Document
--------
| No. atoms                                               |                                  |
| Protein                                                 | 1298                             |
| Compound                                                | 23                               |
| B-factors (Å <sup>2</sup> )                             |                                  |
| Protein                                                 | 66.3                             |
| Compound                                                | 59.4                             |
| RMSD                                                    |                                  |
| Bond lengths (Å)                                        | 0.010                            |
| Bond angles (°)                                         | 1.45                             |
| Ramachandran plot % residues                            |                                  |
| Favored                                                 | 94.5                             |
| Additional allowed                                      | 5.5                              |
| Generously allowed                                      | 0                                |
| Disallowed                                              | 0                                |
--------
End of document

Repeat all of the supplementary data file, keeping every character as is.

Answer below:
| No. atoms                                               |                                  |
| Protein                                                 | 1298                             |
| Compound                                                | 23                               |
| B-factors (Å <sup>2</sup> )                             |                                  |
| Protein                                                 | 66.3                             |
| Compound                                                | 59.4                             |
| RMSD                                                    |                                  |
| Bond lengths (Å)                                        | 0.010                            |
| Bond angles (°)                                         | 1.45                             |
| Ramachandran plot % residues                            |                                  |
| Favored                                                 | 94.5                             |
| Additional allowed                                      | 5.5                              |
| Generously allowed                                      | 0                                |
| Disallowed                                              | 0                                |